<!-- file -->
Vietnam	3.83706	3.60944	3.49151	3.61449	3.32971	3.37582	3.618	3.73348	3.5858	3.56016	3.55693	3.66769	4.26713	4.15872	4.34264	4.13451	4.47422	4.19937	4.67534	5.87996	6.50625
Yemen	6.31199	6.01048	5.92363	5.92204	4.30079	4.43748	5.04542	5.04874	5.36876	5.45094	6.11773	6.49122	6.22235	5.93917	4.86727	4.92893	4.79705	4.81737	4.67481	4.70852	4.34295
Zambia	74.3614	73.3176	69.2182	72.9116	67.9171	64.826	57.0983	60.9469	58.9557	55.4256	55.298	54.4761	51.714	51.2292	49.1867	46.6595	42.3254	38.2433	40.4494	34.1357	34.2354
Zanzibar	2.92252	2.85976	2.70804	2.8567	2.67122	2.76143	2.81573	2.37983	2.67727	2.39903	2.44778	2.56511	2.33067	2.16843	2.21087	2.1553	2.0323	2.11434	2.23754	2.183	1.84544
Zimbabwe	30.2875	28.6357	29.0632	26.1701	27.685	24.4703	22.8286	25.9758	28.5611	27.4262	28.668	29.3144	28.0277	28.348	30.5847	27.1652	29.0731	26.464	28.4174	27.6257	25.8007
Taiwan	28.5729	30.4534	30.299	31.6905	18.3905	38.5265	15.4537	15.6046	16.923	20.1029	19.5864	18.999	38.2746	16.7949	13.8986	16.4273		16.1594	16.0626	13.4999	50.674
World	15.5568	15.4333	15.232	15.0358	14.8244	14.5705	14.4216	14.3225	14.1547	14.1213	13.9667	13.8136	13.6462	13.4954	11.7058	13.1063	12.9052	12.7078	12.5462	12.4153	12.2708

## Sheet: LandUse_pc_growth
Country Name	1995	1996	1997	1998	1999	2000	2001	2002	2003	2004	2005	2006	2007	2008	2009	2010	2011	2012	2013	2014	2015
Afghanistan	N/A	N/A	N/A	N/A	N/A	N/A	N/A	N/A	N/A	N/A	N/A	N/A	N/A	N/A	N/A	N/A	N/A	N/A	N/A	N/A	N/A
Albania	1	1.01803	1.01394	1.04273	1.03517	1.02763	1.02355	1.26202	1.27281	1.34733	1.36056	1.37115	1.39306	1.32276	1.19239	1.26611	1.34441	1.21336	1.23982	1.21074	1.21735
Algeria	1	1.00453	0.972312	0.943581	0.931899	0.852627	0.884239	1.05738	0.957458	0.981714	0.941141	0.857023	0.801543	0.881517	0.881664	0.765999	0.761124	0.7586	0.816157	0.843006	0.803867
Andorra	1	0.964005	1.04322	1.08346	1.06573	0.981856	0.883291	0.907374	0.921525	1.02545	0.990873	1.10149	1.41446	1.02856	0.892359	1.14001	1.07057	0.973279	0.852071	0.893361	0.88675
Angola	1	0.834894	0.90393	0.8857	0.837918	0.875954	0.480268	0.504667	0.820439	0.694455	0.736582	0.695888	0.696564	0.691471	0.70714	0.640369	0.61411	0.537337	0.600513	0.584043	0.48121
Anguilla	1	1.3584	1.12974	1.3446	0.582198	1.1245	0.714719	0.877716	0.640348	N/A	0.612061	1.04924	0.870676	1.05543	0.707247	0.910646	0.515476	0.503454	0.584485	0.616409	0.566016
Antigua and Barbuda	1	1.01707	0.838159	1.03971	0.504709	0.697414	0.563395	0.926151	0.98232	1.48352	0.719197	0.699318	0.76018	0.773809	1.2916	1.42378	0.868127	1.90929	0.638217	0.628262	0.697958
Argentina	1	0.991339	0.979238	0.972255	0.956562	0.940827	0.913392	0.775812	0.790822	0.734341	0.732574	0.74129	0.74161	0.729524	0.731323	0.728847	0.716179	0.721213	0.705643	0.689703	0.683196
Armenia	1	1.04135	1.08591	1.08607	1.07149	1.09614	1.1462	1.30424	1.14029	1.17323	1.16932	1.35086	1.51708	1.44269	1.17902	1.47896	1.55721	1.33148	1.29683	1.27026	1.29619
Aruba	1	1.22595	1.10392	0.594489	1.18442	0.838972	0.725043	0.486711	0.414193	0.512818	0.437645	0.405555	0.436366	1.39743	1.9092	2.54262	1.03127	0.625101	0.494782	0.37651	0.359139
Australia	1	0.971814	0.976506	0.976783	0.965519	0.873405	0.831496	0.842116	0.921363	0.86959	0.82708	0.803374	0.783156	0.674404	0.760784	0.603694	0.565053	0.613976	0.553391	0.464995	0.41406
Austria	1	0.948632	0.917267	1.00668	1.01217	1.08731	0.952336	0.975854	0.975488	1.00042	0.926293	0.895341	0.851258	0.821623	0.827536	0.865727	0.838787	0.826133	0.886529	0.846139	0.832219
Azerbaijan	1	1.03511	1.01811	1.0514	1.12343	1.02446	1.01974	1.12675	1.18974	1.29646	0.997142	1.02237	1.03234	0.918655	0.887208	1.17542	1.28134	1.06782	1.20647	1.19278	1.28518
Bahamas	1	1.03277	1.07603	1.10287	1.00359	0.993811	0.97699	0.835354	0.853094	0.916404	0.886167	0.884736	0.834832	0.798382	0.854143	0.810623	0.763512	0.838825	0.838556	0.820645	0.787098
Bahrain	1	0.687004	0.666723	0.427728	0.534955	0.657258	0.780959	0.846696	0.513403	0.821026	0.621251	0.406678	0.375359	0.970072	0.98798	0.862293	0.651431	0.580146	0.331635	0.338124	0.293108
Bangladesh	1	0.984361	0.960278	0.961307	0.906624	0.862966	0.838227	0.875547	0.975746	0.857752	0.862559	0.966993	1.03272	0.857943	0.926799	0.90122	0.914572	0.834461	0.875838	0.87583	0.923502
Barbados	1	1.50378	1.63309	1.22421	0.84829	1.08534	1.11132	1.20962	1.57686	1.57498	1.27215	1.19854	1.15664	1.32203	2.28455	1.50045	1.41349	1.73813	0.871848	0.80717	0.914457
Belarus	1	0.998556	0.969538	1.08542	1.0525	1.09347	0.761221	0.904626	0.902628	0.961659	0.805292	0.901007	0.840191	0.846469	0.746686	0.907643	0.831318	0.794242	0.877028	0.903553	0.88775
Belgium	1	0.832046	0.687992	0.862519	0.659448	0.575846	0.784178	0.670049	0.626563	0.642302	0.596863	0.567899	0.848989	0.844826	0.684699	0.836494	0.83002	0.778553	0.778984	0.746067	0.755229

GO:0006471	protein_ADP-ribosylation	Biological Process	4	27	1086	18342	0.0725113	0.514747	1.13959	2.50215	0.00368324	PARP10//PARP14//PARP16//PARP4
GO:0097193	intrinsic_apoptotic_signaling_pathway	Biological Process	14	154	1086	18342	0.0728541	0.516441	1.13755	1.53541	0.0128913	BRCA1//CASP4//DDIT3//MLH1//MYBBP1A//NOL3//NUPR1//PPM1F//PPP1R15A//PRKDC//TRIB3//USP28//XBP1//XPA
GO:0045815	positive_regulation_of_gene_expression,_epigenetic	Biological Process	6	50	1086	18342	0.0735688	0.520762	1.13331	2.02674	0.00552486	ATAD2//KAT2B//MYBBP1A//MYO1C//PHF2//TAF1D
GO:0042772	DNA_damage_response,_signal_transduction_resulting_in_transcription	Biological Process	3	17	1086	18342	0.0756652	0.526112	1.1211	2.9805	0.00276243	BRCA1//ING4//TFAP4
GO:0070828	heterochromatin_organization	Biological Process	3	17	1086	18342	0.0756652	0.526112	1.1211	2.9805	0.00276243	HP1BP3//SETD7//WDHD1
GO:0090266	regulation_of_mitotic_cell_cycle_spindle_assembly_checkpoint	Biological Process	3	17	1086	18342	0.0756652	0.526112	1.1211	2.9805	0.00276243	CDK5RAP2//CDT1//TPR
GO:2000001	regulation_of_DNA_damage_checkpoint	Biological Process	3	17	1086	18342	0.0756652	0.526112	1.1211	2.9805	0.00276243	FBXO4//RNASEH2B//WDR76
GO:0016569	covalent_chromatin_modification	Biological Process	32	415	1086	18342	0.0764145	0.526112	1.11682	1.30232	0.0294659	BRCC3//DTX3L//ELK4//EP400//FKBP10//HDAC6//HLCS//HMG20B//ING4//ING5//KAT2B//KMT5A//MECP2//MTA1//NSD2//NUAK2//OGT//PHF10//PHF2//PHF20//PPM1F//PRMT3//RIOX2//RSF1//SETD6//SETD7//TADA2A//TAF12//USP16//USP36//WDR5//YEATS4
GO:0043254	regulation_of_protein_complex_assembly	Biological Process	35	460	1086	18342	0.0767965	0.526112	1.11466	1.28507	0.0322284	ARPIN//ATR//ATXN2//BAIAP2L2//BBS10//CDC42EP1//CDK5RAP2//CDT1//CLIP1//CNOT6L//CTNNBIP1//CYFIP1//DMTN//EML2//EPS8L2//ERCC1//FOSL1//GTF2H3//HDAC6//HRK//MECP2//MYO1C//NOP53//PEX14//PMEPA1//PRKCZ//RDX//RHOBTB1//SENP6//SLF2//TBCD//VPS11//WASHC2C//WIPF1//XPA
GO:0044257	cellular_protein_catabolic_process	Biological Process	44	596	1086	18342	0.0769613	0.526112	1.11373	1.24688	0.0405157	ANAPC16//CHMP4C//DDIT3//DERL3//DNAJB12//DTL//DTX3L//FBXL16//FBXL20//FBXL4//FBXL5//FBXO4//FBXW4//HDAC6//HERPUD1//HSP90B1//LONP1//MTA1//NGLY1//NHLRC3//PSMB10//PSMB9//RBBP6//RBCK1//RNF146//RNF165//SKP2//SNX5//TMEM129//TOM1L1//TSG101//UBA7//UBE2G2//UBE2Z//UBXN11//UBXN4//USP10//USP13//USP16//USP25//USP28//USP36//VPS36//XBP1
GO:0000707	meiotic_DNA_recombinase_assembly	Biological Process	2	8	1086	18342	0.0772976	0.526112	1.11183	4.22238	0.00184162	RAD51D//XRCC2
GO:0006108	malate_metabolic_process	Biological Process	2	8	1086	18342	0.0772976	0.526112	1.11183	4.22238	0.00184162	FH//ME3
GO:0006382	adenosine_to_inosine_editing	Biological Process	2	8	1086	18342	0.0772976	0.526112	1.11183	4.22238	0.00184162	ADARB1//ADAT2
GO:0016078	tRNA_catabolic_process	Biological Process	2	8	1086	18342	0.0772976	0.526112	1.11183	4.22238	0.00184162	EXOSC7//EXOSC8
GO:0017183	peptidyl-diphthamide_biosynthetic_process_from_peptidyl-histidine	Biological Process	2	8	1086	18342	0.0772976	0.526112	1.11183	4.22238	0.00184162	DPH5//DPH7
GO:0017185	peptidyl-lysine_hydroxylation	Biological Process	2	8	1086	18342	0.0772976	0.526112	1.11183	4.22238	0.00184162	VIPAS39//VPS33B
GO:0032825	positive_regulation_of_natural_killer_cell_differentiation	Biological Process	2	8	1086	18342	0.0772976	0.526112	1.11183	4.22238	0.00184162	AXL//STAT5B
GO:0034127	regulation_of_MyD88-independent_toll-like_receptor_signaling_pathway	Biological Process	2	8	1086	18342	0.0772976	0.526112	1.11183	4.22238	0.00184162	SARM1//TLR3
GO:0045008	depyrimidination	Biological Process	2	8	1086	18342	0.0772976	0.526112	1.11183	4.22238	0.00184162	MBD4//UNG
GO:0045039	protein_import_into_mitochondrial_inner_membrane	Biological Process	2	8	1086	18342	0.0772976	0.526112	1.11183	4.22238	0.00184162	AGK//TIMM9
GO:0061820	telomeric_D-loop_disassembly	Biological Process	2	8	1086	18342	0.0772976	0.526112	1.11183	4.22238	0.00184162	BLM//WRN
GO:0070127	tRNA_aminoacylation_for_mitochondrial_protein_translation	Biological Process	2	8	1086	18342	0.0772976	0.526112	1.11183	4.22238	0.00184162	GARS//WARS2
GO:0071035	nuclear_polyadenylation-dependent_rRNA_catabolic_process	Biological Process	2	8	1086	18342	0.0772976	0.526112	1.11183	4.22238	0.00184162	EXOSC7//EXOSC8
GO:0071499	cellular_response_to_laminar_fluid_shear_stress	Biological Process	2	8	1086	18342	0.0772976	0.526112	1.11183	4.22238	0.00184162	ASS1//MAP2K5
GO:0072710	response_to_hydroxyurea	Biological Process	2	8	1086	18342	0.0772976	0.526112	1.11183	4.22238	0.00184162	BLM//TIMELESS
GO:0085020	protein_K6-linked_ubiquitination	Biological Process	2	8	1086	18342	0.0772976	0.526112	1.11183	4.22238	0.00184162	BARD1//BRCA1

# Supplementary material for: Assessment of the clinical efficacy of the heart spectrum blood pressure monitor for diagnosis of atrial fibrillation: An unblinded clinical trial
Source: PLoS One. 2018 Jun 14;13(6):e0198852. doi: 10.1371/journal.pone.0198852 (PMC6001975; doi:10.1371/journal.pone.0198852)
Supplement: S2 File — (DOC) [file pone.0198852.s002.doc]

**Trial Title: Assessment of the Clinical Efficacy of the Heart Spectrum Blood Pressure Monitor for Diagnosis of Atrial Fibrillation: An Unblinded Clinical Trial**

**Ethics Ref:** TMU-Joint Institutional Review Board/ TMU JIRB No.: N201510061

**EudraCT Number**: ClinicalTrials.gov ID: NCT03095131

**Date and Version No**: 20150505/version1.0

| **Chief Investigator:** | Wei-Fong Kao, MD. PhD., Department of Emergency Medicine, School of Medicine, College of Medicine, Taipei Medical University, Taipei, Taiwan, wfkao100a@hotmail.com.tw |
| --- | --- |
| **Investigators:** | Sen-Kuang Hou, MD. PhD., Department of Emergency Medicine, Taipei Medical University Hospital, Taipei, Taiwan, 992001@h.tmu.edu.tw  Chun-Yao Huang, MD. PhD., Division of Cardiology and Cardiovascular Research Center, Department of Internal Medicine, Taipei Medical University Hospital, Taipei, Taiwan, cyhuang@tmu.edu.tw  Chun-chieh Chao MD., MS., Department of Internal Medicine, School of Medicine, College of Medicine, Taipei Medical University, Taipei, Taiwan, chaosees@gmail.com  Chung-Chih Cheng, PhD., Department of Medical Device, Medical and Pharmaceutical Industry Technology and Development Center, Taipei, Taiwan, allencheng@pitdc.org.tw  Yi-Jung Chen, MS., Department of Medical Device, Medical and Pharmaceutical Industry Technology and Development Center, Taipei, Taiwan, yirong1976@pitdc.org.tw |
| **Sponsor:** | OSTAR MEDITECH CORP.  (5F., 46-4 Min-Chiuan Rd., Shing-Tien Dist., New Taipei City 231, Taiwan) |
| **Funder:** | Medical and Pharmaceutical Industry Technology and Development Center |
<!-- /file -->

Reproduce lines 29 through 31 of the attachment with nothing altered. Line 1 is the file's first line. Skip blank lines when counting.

GO:0006471	protein_ADP-ribosylation	Biological Process	4	27	1086	18342	0.0725113	0.514747	1.13959	2.50215	0.00368324	PARP10//PARP14//PARP16//PARP4
GO:0097193	intrinsic_apoptotic_signaling_pathway	Biological Process	14	154	1086	18342	0.0728541	0.516441	1.13755	1.53541	0.0128913	BRCA1//CASP4//DDIT3//MLH1//MYBBP1A//NOL3//NUPR1//PPM1F//PPP1R15A//PRKDC//TRIB3//USP28//XBP1//XPA
GO:0045815	positive_regulation_of_gene_expression,_epigenetic	Biological Process	6	50	1086	18342	0.0735688	0.520762	1.13331	2.02674	0.00552486	ATAD2//KAT2B//MYBBP1A//MYO1C//PHF2//TAF1D